Target Milestone: --- → Future
I believe the enhancement request should be at least thoughfully considered, for three reasons. A. The basic feature does not require much work, as the mechanism is already available in the browser. Also, the demand has been raised in the past few times, and probably will arise again in the future. B. It extents the capabilities of the browser without any payment. C. As this suggestion define a variant to the URL scheme, if there is a chance to implement it in the future, I think it will be wise to implement it before a major release.
Target Milestone: Future → ---
+helpwanted - some engineers can decide if they want to future this. If they do future it, please do not move the milestone back unless you find someone to own and code the feature.
Assignee: new-network-bugs → dveditz
Target Milestone: --- → Future
bug 64286: web archive save/view support (.war, .zip, .tgz, .tar.gz, .jar) extends the compressed protocol scheme to single-file saved pages, specifically including write support.
Well, it's been a long time since I've looked at this bug and bug 64286. When I wrote my comments on bug 64286, I hadn't discovered this one yet, so it's funny that Zvi and I arrived at pretty much the same conclusions. I just want to add that I think the management of the "fragment" should be dependent upon the mime type. This can be tricky sometimes because some web servers aren't properly configured and wont give proper mime types, so in cases where this flaw is obvious, Mozilla can perhaps take countermeasures and attempt to treat it as the apparent compressed file type, unless the magic fails (i.e., file header). I agree that solid archive support should be left until later. I'm quite behind on HTTP changes and a lot has changed in Mozilla. Firefox now has an "Offline Storage" which appears to be separate from the cache. This would be the perfect mechanism for storing such files, which ideally wouldn't change often. I am not familiar with how this is communicated (I presume some HTTP header?) or what the rules are around it. Finally, Zir proposed downloading only the portions of a file that are needed; an excellent idea that I hadn't considered previously. This would then require both a data file and a contents or hash file that tells which portions of the data are downloaded and which aren't, or, more ideally, the hashes for each segment of the file and rather or not it's downloaded (and correct) can be determined at runtime, thus behaving a bit more like a torrent peer (when downloading). As a programmer, this could be quite a nice feature for online API specifications (javadocs, doxygen, posix spec, etc.).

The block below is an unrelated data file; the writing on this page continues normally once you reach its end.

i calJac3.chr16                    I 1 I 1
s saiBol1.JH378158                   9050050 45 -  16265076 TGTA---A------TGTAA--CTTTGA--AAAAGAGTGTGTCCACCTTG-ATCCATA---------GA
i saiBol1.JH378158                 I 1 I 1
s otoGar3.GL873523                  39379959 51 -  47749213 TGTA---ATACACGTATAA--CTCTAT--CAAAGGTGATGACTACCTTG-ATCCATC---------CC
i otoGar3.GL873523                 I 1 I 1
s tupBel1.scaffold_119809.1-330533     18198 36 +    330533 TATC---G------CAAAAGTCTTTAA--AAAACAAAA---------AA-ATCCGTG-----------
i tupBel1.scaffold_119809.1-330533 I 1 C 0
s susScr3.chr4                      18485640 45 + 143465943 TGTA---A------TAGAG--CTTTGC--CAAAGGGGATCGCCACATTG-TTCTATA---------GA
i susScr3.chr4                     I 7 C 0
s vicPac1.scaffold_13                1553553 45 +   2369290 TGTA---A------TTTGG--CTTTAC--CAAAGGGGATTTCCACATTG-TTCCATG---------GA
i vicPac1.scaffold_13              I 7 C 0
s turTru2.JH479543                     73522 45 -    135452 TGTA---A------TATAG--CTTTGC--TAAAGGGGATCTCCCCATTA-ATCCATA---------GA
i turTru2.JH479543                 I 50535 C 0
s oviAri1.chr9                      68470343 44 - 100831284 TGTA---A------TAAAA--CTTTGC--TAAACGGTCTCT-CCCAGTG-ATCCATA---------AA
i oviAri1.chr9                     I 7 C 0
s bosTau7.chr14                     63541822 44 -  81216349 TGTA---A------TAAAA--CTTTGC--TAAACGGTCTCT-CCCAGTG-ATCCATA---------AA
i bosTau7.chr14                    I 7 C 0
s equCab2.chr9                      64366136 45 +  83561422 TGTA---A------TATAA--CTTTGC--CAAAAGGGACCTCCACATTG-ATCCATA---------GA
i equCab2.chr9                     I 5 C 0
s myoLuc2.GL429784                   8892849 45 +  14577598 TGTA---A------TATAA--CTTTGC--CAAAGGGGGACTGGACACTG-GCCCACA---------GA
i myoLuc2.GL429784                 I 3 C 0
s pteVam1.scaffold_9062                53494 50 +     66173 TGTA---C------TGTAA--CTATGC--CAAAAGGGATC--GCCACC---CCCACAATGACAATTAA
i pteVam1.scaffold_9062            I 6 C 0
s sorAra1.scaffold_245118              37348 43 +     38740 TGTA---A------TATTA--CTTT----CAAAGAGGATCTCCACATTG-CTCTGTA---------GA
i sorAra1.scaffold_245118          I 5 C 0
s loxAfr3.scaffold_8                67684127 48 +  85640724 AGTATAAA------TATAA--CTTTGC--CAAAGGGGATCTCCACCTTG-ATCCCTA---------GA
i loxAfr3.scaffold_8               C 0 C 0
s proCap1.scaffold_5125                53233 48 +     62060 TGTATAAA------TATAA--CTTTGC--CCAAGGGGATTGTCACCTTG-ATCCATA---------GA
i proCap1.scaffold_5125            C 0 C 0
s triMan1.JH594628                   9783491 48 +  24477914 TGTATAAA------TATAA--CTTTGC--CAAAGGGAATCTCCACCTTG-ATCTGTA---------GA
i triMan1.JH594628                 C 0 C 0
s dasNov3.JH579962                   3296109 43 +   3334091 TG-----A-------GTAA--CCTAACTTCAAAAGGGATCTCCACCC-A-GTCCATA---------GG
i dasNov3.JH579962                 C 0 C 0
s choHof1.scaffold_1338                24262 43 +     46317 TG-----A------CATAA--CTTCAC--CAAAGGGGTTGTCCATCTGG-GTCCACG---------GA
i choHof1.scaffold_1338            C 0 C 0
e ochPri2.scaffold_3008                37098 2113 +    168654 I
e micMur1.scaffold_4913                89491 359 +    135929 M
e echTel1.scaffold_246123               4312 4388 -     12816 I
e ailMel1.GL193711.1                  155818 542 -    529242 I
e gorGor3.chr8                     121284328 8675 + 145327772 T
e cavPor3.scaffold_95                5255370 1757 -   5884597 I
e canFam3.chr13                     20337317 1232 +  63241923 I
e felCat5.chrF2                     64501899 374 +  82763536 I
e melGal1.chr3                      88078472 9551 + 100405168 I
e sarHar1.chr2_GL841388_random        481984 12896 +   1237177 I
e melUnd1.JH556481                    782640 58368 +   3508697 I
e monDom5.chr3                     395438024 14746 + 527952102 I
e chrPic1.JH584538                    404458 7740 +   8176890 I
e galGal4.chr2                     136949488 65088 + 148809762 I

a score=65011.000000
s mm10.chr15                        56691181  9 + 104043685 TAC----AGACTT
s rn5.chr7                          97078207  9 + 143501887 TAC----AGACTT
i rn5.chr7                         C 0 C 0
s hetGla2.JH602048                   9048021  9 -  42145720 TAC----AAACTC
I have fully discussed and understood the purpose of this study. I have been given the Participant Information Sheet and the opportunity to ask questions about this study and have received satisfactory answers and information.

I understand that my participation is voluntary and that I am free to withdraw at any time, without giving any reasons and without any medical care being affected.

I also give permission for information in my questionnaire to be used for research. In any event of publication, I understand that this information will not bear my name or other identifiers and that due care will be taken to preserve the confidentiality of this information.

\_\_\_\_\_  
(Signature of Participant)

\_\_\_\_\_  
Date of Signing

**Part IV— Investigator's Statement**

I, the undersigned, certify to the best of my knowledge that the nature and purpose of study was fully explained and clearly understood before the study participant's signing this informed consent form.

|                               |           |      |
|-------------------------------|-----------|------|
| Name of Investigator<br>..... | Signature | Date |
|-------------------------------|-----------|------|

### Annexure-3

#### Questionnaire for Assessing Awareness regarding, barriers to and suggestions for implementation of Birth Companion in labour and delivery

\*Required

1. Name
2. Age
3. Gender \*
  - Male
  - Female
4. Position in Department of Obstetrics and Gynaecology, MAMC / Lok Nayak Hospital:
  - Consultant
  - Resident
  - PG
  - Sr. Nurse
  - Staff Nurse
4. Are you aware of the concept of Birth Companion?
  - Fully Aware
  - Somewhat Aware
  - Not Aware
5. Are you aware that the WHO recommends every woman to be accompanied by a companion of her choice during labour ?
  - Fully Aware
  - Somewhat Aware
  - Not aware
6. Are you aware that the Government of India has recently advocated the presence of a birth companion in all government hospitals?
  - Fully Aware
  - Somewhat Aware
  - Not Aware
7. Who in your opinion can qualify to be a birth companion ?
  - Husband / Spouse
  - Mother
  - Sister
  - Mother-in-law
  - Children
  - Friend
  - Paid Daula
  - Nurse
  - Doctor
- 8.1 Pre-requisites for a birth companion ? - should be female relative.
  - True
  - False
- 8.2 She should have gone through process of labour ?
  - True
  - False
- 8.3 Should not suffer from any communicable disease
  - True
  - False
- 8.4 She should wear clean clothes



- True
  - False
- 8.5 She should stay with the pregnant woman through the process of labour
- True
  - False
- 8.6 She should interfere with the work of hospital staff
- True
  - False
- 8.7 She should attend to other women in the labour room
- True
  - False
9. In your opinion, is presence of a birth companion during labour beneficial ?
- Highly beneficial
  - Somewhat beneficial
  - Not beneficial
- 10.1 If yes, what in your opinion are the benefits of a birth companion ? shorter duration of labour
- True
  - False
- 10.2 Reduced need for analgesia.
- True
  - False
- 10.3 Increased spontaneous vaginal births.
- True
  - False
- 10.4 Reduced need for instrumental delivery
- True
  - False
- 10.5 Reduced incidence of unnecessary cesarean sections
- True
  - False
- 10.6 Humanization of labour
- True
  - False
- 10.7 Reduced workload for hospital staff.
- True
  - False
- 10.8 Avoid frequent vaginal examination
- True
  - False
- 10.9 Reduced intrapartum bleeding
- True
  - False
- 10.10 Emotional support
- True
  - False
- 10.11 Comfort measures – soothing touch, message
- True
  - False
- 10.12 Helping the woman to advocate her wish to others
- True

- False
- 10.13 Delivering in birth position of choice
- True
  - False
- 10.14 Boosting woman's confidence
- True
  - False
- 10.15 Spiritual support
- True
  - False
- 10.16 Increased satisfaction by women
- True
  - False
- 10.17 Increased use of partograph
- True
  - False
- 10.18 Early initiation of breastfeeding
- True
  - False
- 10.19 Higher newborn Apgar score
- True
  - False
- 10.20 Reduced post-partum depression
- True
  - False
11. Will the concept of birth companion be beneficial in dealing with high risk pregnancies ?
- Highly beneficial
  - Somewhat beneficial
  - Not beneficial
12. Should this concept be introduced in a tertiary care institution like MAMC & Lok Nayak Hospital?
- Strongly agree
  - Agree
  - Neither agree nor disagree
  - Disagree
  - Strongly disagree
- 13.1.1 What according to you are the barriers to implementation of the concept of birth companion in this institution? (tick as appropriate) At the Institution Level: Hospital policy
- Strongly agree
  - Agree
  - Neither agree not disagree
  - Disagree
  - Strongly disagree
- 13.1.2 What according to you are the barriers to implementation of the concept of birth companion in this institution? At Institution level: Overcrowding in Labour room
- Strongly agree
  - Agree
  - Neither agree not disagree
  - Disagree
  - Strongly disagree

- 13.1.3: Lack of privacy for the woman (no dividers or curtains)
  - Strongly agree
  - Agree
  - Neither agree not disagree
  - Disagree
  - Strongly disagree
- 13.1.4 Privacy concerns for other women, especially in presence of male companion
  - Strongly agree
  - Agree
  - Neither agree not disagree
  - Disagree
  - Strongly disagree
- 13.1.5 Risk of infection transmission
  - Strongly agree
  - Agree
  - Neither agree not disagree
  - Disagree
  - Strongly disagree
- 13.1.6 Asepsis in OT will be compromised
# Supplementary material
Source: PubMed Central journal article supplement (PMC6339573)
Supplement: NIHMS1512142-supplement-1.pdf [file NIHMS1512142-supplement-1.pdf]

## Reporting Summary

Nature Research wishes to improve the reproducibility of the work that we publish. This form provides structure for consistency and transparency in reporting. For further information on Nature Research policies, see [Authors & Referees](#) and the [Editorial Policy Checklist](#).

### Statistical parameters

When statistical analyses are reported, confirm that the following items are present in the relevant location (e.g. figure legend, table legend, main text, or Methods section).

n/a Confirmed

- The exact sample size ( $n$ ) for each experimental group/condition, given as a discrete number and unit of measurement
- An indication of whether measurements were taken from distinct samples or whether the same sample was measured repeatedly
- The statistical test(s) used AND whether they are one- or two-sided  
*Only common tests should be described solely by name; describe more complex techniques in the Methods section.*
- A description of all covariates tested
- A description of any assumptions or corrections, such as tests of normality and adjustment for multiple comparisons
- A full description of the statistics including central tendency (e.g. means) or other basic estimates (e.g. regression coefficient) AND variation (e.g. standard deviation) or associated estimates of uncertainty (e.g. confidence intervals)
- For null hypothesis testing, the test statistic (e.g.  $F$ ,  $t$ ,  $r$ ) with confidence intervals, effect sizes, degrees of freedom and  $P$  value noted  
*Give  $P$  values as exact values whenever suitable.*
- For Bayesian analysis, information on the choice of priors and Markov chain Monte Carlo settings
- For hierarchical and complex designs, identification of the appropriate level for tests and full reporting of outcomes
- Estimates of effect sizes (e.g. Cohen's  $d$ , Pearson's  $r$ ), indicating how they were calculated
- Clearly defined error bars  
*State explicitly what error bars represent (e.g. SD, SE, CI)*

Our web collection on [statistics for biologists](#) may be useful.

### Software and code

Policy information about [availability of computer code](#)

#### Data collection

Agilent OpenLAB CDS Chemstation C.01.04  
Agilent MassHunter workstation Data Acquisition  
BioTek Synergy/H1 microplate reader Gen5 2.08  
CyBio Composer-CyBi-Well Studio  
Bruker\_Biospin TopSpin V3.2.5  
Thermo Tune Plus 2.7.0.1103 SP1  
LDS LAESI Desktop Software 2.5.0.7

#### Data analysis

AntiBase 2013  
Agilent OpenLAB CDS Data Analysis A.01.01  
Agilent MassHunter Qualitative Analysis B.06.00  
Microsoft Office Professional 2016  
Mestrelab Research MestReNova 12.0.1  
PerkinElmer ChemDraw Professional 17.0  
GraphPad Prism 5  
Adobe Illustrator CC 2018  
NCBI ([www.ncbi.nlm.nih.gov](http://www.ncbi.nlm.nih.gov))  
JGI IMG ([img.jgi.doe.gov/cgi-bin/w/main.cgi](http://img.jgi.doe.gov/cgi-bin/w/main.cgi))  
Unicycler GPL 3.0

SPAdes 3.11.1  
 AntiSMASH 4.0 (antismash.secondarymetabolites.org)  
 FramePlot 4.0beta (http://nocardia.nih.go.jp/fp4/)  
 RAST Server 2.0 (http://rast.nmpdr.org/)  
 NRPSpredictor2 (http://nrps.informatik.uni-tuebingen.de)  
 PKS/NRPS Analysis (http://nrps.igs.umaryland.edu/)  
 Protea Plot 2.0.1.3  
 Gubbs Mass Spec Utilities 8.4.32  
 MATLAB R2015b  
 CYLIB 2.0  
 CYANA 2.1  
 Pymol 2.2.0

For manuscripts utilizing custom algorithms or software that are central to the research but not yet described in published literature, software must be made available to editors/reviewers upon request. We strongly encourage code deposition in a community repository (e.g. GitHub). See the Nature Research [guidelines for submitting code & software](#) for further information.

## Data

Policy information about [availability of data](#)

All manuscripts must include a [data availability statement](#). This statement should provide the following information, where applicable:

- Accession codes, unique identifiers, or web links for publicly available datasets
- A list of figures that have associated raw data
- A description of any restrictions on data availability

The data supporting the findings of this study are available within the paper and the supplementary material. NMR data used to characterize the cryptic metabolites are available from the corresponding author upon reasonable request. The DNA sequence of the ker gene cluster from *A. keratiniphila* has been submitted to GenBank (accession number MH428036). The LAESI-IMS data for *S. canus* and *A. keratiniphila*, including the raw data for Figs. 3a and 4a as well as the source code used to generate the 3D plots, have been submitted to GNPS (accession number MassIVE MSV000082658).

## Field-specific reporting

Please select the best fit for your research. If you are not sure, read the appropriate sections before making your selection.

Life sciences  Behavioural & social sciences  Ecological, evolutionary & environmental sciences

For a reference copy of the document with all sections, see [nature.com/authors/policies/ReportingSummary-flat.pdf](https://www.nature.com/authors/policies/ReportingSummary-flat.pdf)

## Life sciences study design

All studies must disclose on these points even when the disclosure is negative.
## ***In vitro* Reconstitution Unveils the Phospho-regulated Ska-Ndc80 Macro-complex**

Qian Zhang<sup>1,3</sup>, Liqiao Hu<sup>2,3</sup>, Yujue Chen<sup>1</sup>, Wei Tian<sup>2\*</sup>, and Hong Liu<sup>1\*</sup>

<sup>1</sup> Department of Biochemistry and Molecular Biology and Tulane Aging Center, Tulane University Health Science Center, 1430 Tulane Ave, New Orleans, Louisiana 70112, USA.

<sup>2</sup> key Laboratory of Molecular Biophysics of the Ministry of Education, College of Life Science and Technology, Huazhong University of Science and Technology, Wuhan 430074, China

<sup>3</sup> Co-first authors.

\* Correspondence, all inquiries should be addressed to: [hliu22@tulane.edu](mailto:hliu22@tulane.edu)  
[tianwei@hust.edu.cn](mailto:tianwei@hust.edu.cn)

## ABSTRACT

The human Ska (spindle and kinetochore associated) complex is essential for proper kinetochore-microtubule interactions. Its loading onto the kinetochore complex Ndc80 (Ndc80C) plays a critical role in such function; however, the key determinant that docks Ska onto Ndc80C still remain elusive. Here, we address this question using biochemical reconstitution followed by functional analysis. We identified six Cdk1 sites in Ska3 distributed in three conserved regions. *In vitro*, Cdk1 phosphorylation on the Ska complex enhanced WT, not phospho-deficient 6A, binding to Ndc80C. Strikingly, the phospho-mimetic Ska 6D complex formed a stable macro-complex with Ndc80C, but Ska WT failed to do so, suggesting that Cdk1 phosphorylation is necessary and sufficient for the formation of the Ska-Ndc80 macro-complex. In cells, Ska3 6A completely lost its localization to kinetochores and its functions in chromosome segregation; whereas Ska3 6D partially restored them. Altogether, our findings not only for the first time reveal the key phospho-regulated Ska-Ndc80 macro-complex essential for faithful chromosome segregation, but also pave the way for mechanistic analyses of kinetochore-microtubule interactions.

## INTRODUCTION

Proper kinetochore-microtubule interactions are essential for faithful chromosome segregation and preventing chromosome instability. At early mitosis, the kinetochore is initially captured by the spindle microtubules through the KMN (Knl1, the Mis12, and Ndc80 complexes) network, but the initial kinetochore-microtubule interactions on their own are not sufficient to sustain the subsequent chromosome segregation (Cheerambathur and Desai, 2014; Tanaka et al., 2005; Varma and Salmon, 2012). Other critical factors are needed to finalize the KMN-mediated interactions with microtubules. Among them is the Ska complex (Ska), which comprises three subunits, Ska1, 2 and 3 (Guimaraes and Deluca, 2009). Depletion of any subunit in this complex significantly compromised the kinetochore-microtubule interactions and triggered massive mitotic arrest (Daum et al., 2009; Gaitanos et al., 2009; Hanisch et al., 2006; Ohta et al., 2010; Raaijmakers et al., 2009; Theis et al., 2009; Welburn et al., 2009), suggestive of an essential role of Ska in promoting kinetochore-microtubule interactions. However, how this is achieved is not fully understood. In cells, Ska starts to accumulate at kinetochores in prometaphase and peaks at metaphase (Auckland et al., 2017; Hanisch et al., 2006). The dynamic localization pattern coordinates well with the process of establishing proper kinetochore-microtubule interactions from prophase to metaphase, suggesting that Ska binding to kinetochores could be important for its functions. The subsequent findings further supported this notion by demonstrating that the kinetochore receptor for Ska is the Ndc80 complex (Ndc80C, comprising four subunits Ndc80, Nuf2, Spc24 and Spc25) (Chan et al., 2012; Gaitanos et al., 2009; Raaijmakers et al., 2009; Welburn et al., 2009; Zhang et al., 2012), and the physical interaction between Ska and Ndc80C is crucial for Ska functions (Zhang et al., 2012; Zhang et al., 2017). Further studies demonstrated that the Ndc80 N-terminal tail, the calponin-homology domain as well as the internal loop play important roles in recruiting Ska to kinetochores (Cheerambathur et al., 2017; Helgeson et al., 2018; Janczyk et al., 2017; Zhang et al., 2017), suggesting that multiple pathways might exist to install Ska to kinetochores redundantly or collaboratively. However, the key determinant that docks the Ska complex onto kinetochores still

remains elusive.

(In reply to comment #7) > As a programmer, this could be quite a nice feature for online API > specifications (javadocs, doxygen, posix spec, etc.). I'm not sure what you're getting at, but FYI Mozilla's jar: file support already works for accessing compressed resources. If you save a web site as a .zip file you can browse jar:file:///path/to/saved/archive.zip!/some/page.html and links and images work; if the web server serves the right mime type or you set network.jar.open-unsafe-types in about:config to true, you can browse the remote ZIP file without saving it locally. This new scheme does seem to be an improvement.
Status: NEW → RESOLVED
Closed: 4 years ago
Resolution: --- → WONTFIX
You need to log in before you can comment on or make changes to this bug.